In tough times, business at thrift stores is booming

When Kansas City preschool teacher Elizabeth Eastburn walked down the aisle last April she wore an $800 wedding gown from a major bridal retailer. Only she didn’t pay $800 for it.

She paid $15 for the never-worn dress at a thrift store.

With money tight these days, this is Eastburn’s new way to shop. So on a recent day off from school, with book shelves and exercise pants on her shopping list, Eastburn wandered the aisles of Hillcrest Thrift Shop, one of several stores changing their ways to attract, and keep, new customers like Eastburn.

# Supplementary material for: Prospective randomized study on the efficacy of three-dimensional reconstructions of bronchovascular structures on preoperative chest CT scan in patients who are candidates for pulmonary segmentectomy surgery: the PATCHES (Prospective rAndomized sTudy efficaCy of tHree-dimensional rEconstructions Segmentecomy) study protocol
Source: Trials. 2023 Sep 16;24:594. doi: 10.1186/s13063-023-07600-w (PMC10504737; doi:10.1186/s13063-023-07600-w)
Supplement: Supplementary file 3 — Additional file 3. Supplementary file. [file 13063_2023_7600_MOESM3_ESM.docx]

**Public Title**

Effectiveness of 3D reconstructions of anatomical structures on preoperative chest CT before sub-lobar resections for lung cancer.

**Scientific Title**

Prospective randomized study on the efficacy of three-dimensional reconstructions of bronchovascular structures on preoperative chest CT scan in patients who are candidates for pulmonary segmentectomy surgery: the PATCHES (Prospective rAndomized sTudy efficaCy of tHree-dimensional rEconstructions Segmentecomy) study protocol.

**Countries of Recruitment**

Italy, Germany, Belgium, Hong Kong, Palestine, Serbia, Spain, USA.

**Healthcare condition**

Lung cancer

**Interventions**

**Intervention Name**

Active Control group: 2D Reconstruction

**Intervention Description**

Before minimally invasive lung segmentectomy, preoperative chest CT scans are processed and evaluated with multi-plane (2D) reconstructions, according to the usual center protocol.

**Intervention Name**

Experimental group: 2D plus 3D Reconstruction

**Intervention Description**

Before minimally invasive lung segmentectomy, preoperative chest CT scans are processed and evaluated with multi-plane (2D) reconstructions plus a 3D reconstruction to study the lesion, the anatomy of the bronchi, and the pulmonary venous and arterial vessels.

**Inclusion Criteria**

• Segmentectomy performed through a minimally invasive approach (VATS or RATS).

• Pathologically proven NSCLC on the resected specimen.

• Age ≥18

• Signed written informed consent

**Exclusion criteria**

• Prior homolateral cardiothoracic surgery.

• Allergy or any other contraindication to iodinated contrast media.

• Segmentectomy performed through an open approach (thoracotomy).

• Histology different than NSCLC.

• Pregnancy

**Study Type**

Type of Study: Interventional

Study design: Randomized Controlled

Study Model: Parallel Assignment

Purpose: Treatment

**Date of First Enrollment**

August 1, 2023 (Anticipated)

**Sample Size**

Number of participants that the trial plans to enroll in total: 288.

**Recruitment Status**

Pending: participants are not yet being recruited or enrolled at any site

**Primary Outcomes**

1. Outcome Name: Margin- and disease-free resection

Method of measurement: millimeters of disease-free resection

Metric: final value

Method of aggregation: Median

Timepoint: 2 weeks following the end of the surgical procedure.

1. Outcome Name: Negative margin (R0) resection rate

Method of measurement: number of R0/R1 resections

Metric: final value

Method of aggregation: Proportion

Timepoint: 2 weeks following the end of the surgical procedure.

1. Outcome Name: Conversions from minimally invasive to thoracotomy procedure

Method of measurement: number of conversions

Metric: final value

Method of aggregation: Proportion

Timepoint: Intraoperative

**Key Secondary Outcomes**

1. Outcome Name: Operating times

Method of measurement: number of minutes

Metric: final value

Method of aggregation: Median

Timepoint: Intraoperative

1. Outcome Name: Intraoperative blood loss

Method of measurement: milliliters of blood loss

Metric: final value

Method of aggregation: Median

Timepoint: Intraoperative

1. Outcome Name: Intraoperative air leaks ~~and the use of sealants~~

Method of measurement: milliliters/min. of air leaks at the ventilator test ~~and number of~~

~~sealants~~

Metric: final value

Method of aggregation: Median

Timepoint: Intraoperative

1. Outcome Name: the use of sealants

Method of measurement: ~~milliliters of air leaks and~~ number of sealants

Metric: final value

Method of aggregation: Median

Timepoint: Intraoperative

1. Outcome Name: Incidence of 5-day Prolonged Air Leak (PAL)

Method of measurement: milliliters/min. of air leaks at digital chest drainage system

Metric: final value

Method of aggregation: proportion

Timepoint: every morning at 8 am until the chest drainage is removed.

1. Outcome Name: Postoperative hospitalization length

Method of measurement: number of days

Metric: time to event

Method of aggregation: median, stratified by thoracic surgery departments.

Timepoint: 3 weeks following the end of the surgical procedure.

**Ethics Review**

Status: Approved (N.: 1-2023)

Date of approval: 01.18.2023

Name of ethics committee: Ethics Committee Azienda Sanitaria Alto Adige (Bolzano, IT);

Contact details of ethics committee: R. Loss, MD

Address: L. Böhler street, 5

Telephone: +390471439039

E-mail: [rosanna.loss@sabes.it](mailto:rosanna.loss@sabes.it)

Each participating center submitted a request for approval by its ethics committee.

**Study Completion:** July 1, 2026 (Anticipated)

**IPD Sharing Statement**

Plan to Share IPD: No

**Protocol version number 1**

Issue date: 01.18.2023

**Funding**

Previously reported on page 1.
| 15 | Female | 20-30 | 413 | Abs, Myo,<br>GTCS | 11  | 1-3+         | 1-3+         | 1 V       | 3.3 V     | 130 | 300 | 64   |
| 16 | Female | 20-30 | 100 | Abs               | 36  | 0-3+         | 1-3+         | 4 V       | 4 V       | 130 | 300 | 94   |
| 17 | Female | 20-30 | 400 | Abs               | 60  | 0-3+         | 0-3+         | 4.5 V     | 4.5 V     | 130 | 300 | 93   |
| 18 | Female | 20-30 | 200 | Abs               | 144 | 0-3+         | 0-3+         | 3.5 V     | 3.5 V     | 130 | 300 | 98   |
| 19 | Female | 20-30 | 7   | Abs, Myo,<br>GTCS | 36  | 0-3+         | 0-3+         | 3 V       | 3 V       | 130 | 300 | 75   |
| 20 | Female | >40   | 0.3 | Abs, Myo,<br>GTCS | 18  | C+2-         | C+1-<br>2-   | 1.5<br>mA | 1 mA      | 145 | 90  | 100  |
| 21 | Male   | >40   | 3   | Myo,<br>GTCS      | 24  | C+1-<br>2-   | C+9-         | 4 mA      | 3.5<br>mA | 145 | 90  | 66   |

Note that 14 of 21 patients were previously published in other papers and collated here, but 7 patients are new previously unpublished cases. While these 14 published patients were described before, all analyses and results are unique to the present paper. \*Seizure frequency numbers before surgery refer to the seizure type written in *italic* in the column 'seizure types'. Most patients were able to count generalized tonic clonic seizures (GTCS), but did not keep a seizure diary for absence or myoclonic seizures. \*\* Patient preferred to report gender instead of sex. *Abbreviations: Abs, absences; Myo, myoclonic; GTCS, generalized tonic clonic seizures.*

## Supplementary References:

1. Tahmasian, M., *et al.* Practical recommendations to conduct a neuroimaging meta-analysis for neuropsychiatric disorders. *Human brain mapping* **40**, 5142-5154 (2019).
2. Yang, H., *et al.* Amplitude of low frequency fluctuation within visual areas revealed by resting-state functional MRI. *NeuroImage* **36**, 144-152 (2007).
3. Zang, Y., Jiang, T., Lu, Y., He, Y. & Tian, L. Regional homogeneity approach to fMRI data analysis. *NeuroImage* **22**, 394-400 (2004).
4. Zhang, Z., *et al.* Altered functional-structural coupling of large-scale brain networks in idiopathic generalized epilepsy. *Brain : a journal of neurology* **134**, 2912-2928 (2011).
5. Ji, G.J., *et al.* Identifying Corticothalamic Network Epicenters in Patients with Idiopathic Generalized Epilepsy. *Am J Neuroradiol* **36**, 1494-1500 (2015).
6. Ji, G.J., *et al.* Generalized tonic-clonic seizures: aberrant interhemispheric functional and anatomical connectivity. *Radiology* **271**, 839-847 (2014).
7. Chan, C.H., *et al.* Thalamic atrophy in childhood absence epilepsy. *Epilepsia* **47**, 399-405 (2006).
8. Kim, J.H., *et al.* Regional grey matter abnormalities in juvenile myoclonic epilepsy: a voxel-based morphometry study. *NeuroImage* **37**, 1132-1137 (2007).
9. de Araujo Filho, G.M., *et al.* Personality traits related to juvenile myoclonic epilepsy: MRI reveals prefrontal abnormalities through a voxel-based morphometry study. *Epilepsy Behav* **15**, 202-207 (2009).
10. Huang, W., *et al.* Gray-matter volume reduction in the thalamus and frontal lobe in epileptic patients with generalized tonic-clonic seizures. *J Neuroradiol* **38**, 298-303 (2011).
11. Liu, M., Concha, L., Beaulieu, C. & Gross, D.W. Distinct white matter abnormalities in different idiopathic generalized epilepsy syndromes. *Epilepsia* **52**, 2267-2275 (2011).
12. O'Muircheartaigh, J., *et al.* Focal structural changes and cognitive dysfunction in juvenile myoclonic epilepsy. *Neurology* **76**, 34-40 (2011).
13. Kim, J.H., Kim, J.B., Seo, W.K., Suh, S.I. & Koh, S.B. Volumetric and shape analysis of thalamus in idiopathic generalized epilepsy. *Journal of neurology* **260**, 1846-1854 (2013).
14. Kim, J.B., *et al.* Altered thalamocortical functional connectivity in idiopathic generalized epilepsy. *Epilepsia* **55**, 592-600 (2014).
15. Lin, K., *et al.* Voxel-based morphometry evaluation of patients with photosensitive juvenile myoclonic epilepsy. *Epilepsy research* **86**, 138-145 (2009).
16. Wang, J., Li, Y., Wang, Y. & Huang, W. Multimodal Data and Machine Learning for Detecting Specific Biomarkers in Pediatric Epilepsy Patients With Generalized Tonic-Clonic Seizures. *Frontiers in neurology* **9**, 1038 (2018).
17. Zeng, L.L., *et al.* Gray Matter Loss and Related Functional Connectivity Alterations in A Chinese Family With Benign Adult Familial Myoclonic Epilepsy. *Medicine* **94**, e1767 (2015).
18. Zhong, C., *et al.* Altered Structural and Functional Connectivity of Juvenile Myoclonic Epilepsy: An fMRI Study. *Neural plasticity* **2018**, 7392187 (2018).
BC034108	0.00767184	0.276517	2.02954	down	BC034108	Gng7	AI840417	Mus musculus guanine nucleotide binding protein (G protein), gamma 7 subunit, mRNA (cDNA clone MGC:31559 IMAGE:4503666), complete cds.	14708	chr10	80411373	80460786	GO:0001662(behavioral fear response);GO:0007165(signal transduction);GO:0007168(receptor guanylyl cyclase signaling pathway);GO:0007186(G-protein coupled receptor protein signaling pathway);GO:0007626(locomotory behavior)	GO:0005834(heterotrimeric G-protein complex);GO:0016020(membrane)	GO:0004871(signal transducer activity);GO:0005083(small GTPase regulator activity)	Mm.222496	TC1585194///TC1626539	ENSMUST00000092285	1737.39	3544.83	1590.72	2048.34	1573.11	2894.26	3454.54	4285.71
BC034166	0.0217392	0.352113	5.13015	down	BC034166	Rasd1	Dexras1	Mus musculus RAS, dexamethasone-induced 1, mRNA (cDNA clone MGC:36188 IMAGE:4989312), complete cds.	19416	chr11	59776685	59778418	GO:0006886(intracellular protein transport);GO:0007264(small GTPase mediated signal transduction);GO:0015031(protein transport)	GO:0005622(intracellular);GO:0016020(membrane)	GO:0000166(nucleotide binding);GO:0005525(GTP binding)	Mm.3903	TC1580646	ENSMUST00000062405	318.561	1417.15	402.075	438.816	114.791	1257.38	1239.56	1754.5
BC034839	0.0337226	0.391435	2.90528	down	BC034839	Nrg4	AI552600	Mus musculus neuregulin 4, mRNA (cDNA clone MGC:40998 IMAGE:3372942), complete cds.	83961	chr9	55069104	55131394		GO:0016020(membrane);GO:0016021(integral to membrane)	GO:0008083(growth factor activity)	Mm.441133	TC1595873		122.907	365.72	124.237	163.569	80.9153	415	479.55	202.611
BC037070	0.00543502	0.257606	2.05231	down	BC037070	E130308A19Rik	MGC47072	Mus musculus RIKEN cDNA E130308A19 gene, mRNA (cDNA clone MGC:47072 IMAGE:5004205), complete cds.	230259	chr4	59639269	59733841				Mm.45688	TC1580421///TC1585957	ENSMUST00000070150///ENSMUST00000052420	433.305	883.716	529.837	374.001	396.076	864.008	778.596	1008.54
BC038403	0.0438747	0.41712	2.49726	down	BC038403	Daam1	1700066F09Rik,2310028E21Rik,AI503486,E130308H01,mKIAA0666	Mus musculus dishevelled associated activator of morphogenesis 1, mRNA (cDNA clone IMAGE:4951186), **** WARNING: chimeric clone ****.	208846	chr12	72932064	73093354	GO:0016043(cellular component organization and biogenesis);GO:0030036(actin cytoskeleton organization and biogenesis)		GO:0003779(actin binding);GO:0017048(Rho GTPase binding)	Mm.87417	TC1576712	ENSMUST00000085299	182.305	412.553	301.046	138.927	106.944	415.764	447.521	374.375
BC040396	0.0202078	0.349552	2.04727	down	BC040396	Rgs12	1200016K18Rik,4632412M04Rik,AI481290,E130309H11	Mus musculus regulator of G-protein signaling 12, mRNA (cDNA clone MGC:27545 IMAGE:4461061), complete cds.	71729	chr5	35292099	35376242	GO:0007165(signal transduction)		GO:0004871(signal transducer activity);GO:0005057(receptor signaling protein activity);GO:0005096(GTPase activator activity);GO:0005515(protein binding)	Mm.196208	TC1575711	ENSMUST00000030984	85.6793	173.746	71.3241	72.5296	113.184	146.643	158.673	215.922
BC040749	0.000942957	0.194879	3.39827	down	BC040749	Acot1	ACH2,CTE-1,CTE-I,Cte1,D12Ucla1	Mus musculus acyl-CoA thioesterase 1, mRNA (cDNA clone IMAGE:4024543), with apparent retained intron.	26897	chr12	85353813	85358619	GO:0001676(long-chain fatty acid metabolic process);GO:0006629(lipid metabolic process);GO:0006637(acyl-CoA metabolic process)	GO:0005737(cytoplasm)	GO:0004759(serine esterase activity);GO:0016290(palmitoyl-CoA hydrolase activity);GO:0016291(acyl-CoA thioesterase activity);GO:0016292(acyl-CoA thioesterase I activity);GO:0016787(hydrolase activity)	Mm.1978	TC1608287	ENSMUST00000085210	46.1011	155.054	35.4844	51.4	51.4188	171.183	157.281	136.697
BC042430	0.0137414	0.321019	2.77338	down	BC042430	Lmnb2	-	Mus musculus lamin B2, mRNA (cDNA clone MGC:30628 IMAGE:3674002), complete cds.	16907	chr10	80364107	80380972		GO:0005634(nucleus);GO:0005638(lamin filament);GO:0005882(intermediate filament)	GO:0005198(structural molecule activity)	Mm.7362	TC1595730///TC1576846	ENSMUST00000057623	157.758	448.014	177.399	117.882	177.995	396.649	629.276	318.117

”We’re going gangbusters,” Manager Lou Warner said of business. “It’s the economic times the way they are. People are just needing to find things cheaper.”

And thrift stores are thriving. Members of the Association of Resale Professionals, which represents nearly 1,000 consignment and thrift stores, reported that net sales increased 12.7 percent in 2009 from 2008, trouncing overall retail sales that declined 7.3 percent over that time.

The Associated Press